To read the entire article click here.

Recent Fee Shifting Cases Caution Against Diving into Non-Compete/Trade Secret Litigation Where the Facts Supporting a Violation are Unknown or Questionable

Two recent cases highlight the down side of running into court with guns blazing but without the horses to prevail, or at least without the facts sufficient to survive the bad faith standard of the Uniform Trade Secret Act.  In Sasco v Rosendin Electric, Inc., 143 Cal.Rptr.3d 828 (July 11, 2012), the Appellate Court affirmed the lower court’s judgment of $ 484,943.46 in attorneys’ fees and costs pursuant to California’s Uniform Trade Secrets Act, observing:

Speculation that the individual employees must have taken trade secrets from SASCO based on their decision to change employers does not constitute evidence of misappropriation.  Nor does speculation that Rosendin’s success in obtaining the Verizon Tustin contract was based on the theft of trade secrets constitute evidence of misappropriation.…..Having reviewed the parties’ respective papers, the court found there was no evidence of trade secret misappropriation.

In Loparex, LLC v. MPI Release, LLC, 2012 WL 3065428 (S.D. Ind., July 27, 2012) the District Court was even more direct in awarding the prevailing party, MPI,  $475,000 in attorneys fees and nearly $29,000 in costs under the Illinois Uniform Trade Secret Act.  The Court found that Loparex pursued the trade secret misappropriation claims in “bad faith.”  The Court also determined there was no evidence that the employees had misappropriated any trade secrets in its diversion of a former Loparex customer.  The Court went on to award fees against Loparex’s former lead counsel as well, under 28 U.S.C § 1927, for bad faith prosecution of the case.

These cases do not mean that attorneys’ fees will be shifted where a plaintiff can show that trade secrets are at issue and the plaintiff has a good faith factual basis to conclude that those trade secrets were being misappropriated or there was a threatened misappropriation.  The plaintiff bringing a trade secrets action does not get assessed the other party’s attorneys fees by losing, but only when the plaintiff loses and a claim of misappropriation is made in bad faith.  In these two cases, there was no reasonable basis for bringing the claims, let alone continuing to pursue the litigation after it was clear to everyone that the plaintiffs’ claims were meritless.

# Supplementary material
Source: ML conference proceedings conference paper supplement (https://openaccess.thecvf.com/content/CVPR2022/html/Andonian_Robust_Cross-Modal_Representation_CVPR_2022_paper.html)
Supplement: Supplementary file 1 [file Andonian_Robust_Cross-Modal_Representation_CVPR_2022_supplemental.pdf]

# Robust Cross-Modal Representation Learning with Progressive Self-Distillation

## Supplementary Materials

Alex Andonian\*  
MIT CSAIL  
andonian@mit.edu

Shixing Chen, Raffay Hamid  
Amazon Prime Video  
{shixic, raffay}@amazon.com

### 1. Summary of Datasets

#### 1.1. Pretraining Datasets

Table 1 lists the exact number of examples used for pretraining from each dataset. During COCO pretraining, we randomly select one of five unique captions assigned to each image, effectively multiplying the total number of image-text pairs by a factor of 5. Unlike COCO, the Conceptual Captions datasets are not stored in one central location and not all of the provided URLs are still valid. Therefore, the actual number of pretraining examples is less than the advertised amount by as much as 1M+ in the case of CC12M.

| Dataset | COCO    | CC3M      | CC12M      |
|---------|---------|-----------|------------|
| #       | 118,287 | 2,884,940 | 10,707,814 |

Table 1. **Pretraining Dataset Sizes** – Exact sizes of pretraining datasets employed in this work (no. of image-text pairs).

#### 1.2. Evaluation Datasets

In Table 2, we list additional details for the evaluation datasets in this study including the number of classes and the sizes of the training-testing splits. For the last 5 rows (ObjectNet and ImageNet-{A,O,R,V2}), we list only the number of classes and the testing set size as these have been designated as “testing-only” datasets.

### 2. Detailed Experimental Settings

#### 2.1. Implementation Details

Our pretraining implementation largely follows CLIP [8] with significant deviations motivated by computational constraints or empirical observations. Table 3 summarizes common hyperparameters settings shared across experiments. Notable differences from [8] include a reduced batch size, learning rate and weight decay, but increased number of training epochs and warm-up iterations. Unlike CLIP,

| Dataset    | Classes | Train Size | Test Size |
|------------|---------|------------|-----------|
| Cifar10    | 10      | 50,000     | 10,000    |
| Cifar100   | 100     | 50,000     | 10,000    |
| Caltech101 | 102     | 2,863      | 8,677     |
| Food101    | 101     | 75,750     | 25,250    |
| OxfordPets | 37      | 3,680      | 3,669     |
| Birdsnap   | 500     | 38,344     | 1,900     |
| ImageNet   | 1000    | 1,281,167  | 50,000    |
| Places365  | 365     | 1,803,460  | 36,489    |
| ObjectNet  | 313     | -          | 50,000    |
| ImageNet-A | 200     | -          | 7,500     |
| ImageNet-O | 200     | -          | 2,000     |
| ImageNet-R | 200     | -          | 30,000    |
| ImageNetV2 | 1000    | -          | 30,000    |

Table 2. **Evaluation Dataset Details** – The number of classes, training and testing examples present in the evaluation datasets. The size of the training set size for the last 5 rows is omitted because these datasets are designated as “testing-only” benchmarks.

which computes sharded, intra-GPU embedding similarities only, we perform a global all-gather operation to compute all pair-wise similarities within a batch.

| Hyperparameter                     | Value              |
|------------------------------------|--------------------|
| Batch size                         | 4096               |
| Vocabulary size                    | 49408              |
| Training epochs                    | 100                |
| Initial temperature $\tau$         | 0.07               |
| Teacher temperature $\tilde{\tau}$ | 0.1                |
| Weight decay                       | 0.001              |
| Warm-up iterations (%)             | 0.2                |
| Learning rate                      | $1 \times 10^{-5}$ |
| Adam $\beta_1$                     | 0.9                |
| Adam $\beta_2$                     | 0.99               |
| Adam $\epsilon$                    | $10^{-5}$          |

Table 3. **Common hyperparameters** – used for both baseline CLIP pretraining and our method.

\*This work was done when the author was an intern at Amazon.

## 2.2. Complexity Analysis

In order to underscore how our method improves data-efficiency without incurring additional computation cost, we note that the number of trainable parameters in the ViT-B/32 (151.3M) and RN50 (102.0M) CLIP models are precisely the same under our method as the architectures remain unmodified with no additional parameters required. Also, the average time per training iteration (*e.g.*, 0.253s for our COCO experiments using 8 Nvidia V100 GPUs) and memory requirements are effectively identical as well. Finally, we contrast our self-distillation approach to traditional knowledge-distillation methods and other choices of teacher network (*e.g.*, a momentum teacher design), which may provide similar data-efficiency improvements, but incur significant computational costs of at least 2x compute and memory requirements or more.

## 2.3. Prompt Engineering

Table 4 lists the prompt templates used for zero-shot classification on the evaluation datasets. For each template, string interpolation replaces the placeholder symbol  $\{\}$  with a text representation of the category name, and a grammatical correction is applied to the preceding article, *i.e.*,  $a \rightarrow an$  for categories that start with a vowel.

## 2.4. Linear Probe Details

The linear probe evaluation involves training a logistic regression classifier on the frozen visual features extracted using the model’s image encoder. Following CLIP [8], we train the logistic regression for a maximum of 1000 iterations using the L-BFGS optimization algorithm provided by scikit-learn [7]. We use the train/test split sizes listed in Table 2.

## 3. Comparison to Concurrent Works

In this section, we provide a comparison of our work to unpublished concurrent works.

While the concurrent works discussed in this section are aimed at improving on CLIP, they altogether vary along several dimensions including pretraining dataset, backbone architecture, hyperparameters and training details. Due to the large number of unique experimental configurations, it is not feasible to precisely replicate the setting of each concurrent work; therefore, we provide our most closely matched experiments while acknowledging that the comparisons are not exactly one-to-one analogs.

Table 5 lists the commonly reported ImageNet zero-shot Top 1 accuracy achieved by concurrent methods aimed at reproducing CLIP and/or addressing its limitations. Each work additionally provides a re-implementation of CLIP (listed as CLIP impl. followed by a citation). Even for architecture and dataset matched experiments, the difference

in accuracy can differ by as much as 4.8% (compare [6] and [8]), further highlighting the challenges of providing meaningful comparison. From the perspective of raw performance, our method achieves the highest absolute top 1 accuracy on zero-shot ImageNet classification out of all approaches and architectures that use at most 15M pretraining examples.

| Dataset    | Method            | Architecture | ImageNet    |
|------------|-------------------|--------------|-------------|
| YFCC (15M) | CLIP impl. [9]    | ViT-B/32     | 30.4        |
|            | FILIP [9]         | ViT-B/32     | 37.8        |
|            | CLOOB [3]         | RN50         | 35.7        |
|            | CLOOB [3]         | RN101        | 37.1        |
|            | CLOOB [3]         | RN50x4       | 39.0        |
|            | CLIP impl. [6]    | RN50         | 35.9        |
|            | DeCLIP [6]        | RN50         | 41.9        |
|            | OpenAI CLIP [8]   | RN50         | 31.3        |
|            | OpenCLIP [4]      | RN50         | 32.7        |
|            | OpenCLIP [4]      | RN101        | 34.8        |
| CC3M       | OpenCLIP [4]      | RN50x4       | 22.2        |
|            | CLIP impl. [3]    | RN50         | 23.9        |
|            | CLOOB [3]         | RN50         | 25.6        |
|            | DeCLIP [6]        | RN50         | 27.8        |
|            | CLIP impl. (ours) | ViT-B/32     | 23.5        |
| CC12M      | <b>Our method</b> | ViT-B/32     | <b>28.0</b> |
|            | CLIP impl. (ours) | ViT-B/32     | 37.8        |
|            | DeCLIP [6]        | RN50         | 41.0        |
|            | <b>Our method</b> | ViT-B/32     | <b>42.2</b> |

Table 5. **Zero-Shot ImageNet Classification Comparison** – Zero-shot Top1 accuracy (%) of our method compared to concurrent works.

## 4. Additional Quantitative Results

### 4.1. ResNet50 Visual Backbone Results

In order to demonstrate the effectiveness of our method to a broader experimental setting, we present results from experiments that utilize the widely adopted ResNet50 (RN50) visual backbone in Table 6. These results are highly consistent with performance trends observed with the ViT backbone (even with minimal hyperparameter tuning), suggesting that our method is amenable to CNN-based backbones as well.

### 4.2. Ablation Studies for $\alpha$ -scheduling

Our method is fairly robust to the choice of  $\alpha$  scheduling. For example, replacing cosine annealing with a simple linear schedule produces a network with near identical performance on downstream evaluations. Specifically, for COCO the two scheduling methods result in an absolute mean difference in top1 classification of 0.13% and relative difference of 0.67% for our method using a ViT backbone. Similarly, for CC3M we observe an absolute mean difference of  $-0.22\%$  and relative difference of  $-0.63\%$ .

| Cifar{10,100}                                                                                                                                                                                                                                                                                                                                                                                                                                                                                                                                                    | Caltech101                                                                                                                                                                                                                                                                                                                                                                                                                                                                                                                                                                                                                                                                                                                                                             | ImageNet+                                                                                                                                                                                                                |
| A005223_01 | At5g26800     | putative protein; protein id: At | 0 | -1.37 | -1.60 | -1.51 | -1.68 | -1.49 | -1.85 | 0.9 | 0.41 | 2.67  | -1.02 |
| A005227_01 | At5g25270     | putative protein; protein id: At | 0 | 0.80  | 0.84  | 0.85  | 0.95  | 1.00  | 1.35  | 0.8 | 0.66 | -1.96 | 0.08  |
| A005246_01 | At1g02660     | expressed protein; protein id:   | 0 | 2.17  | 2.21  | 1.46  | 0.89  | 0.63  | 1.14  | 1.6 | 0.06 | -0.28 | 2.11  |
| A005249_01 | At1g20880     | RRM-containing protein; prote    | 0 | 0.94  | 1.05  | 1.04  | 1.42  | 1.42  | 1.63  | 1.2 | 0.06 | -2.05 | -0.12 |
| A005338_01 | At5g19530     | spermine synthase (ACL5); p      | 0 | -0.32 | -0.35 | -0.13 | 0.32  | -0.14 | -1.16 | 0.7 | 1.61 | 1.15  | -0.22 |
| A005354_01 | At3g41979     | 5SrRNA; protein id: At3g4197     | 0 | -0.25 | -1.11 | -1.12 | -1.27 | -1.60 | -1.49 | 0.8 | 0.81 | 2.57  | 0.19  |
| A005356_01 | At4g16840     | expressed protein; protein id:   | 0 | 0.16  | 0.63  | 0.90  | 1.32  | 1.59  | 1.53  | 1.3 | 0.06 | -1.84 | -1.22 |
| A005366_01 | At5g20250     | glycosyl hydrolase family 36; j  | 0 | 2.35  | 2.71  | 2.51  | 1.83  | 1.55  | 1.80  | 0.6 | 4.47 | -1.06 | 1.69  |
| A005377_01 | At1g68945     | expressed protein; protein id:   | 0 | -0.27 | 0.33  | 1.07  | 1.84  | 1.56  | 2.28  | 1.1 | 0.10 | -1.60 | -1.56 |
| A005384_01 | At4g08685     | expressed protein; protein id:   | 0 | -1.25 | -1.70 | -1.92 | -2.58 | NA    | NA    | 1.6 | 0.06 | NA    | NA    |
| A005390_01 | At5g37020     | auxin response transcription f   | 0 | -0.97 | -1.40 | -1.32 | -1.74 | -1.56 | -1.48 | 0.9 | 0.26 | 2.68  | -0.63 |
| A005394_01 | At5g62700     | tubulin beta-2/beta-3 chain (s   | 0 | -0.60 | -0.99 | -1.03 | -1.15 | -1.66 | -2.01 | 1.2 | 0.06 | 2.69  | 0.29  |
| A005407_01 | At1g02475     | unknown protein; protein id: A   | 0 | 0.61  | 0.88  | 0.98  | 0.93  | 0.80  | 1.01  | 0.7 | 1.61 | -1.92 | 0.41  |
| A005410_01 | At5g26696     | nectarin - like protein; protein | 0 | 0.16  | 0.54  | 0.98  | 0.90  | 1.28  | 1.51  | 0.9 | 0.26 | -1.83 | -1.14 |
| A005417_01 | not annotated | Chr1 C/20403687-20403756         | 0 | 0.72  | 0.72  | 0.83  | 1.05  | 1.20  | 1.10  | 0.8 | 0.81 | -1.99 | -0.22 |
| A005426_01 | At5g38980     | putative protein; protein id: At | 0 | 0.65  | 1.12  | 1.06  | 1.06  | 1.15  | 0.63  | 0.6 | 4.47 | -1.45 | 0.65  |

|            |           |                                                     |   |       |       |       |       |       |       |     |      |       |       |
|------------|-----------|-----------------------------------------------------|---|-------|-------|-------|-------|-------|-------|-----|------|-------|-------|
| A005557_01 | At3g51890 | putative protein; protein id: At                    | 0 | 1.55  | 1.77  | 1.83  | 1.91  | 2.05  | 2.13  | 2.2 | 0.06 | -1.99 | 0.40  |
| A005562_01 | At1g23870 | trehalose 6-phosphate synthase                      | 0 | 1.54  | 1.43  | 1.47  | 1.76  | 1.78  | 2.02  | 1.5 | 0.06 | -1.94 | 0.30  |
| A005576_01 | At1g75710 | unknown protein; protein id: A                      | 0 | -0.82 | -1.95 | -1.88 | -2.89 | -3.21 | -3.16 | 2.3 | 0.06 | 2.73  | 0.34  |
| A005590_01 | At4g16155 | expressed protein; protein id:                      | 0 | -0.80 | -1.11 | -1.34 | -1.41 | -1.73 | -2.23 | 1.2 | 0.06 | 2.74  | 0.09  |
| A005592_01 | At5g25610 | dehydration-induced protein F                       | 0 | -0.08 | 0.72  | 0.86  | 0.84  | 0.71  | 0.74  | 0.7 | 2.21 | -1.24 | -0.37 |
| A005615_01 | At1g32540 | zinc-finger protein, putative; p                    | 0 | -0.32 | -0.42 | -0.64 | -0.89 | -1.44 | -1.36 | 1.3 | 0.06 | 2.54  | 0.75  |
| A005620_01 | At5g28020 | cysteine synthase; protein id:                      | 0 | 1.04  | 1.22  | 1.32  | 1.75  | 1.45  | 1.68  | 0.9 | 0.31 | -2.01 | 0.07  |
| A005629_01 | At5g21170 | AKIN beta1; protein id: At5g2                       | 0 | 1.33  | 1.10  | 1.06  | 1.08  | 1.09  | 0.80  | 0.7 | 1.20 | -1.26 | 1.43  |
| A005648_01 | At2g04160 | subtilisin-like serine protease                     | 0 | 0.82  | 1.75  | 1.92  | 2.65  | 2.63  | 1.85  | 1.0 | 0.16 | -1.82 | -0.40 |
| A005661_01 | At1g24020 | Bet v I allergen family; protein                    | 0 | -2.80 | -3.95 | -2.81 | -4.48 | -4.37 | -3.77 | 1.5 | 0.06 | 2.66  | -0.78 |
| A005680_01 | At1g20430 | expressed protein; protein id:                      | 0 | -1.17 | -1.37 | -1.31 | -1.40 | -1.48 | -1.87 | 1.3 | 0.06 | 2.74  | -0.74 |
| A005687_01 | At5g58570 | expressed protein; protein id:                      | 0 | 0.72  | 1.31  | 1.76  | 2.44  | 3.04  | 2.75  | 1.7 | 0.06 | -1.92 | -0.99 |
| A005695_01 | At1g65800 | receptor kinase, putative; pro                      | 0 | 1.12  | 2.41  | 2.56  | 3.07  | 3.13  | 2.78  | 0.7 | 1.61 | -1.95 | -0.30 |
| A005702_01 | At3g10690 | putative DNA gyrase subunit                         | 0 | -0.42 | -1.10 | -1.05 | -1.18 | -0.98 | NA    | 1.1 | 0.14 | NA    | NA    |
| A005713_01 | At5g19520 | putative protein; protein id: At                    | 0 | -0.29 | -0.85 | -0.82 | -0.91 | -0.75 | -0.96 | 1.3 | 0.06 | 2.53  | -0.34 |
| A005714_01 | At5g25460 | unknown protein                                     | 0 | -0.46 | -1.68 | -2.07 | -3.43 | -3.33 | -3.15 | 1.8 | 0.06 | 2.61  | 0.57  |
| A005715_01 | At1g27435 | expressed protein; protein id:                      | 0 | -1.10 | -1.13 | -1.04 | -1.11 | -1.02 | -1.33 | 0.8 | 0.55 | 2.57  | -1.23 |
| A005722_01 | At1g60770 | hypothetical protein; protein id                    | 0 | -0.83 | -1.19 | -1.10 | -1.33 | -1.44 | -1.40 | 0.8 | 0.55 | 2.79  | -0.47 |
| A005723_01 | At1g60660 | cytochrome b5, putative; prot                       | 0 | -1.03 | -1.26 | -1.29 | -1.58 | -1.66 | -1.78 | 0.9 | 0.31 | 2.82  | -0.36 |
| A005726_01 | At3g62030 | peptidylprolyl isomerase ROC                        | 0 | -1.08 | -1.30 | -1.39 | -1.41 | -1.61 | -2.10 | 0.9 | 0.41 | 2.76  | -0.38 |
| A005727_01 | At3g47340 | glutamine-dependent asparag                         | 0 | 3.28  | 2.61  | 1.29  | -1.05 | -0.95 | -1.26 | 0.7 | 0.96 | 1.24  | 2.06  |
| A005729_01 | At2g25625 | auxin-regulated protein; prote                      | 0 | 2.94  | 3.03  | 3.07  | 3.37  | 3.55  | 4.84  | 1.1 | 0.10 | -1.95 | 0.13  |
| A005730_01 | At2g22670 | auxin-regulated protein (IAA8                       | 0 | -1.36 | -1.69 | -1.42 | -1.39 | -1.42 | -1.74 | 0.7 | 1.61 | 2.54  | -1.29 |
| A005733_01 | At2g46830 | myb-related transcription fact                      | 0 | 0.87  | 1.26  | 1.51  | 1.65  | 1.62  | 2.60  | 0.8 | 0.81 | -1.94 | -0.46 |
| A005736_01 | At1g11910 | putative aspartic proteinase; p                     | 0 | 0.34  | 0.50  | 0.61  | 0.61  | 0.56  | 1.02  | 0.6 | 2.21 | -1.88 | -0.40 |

In addition to a statutory basis for attorneys fees under the Uniform Trade Secrets Acts adopted in many states, there are  other statutory fee shifting statutes that may apply.  For instance, Montana’s Declaratory Judgment Act, § 27–8–313, may provide a statutory basis for awarding attorneys’ fees as supplemental relief if such an award is determined to be necessary and proper.  See, e.g., Mungas v. Great Falls Clinic, LLP. 354 Mont. 50, 221 P.3d 1230 (2009)(fees not awarded because the facts not deemed to warrant it).  More frequently, however, fee shifting awards come from a well drafted employment agreement.  Ohio Learning Centers, LLC v. Sylvan Learning, Inc.,  2012 WL 1067668 (D. Md., March 27, 2012).  The Sylvan Court quoted the relevant contract language:

[I]n the event either [SLI] or [OLC] institutes a suit or action to enforce any term or provision of [the License] Agreement, the most prevailing party in the suit or action, or on appeal, shall be entitled to recover from the losing party a reasonable attorney fee to be set by the trial or appellate court in addition to costs or disbursements provided by law.

At the summary judgment phase the Court found the fee award premature because “ at this stage in the litigation it is not yet clear that the Defendants will be ‘the most prevailing party’ in this case.”  Note that the Court is enforcing the parties’ agreement as written.  The Court also noted that the fee-shifting provision in the License Agreement only provides for an award of “reasonable” fees.  And since evidence of the reasonableness of the fees had not yet been submitted by the putative prevailing party, the Court stated that it could not conduct the requisite analysis.

The take away:  make sure you have the horses before filing suit, or at least be reasonably assured you will have those horses harnessed by the time the smoke of your rush to court clears.